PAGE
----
The lack of freedom of speech about the war and the pandemic was appalling to me. Every single citizen has a right to know about the politics and health care behind their nation’s decision. If people were more well-informed about how to treat influenza, it probably could have saved quite a few lives. For example, people were told not to go to large gatherings. Therefore, people interpreted that as telling people to close their windows and lock up their house so no germs could get in. Unfortunately, this just only turned that house into an incubator for the disease and they saw that their families were still affected by the disease. If the communication between public health officials and citizens was better, I think this pandemic would have had a drastically different result.

      • Sarah DeRuosi
        Oct 26, 2011 @ 15:26:22

        In response to Sarah:

        The lack of communication among our public figures and the population had an enormous impact on the progression of the pandemic. If public service announcements, or at least information that was truthful, was addressed to the general population, many preventative actions could have taken course. Whether it was the miscommunication of going or not going to the parades, forming your house into an incubator for the virus as a result, I feel the politicians had a large impact on these poor outcomes. What should have been addressed as well, was having the scientists/physicians trying to make breakthroughs for the virus and vaccine, should have had the opportunity to talk with the officials without hesitation. We want to keep communication lines always open.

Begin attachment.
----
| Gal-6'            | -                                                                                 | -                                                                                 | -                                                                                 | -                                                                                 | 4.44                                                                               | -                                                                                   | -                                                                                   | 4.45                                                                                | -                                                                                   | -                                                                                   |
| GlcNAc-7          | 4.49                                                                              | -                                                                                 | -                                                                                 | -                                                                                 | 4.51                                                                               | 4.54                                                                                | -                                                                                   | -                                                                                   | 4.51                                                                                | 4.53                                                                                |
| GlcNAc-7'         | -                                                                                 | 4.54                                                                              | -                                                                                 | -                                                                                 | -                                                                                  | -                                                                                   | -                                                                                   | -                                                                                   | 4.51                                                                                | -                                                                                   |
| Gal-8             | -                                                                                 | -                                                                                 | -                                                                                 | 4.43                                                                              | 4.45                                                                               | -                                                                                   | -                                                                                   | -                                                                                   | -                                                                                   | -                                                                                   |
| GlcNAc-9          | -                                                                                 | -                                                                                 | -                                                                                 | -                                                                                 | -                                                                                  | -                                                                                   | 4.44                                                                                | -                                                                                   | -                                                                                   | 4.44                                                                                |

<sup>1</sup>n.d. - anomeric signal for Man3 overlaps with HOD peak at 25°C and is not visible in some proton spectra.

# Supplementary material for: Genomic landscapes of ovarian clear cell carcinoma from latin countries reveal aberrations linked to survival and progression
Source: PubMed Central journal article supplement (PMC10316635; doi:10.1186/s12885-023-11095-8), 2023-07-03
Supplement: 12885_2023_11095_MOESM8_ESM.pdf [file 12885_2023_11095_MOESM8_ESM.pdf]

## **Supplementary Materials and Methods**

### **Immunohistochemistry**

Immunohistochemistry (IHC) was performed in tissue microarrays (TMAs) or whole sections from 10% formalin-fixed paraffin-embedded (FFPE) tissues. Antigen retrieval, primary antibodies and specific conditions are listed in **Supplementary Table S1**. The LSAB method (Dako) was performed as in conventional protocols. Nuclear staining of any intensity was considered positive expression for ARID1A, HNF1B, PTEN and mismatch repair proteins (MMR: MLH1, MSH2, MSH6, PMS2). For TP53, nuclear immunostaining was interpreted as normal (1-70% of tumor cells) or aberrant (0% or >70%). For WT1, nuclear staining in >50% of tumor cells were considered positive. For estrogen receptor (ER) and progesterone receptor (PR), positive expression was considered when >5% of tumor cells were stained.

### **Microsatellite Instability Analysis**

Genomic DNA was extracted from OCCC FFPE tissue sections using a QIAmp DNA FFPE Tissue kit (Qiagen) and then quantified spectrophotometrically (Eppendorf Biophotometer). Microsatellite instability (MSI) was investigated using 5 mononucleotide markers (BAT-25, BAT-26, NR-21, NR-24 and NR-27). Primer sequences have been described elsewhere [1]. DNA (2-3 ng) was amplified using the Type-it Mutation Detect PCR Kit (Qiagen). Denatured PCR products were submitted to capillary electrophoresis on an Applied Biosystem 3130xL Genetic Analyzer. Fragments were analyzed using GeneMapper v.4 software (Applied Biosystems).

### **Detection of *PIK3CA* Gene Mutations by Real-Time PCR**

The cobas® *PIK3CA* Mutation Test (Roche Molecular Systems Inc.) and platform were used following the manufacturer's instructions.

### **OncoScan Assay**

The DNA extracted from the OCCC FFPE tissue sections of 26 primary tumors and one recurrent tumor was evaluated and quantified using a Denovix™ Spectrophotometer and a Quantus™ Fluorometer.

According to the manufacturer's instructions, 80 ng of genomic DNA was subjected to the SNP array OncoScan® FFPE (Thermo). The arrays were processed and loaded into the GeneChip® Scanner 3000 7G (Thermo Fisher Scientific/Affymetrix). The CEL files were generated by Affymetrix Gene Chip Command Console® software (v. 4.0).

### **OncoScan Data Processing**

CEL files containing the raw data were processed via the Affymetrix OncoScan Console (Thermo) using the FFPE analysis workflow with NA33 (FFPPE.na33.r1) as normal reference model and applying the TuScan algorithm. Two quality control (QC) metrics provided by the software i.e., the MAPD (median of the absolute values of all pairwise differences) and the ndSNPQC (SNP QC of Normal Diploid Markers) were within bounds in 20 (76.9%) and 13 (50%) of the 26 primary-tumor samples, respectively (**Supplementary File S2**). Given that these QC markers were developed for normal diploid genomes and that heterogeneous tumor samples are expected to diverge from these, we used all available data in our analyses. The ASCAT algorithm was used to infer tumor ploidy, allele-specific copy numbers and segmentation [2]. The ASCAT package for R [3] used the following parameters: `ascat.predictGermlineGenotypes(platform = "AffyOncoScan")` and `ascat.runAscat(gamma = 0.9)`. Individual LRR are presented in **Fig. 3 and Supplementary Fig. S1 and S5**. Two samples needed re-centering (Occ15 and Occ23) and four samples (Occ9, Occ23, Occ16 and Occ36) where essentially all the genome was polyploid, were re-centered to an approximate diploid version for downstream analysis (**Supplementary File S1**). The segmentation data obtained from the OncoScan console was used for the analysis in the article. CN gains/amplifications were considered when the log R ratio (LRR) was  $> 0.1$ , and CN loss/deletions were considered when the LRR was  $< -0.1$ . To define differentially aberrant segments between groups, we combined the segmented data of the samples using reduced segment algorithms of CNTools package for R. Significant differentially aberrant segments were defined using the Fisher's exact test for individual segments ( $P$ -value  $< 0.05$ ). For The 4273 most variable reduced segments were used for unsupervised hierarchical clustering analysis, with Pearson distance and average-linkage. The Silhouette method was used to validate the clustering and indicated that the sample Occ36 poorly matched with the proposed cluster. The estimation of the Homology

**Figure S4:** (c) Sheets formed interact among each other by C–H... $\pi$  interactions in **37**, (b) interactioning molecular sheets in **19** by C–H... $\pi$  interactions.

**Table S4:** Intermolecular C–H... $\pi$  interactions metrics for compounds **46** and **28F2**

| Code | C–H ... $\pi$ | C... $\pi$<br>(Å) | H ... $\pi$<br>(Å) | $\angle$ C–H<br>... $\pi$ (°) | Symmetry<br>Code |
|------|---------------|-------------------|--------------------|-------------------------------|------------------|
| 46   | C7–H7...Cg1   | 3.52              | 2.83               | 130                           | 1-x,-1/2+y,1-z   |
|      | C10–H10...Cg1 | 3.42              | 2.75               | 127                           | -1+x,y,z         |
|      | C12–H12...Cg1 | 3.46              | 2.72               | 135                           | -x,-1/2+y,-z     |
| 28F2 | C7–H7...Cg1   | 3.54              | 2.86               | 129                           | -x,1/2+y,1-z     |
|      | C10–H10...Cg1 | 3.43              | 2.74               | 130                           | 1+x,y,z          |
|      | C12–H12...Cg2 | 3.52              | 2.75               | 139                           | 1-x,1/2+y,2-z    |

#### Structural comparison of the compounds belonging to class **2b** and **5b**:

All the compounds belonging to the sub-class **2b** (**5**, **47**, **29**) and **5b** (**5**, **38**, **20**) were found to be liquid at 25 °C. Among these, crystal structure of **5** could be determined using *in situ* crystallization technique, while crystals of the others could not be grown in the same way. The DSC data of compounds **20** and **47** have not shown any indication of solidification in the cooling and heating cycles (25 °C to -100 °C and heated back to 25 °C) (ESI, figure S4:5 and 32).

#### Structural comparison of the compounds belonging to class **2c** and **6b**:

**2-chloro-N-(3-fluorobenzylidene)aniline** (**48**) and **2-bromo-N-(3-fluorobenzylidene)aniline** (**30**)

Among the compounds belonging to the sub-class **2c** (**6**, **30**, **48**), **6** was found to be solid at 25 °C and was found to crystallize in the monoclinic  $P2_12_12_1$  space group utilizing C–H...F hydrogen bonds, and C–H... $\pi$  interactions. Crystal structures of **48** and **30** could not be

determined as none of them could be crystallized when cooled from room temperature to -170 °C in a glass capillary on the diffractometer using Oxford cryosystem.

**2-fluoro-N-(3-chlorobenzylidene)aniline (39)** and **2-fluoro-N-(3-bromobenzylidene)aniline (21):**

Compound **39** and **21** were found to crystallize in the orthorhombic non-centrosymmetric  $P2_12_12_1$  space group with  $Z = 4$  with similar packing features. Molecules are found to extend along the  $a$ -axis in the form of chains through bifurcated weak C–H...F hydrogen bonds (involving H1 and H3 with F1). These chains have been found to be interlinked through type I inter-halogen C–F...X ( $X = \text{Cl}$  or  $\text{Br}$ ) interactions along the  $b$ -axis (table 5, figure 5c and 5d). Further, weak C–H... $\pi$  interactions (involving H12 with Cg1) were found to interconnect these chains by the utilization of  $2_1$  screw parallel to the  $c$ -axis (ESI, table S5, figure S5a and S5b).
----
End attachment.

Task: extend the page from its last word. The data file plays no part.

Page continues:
• Brittany Fitzpatrick
        Oct 26, 2011 @ 15:50:12

        In response to Sarah D,
        I would agree with you in regards to communication. Perhaps if the truth was displayed in a proper light to those in the affected areas of the pandemic, preventative measures could have positively affected its outcome. Politics and economic situations always influence practically everything that goes on in a society, especially something that is so widespread. However if the government began mandating certain policies in regards to preventative measures that could possibly result in a negative response from those in society that are fearful of government regulation. What sort of things do you think could have possibly been done by the government to positively direct the result of a pandemic? How could this be done so people in society feel as though it is for their own good, as opposed to government regulation?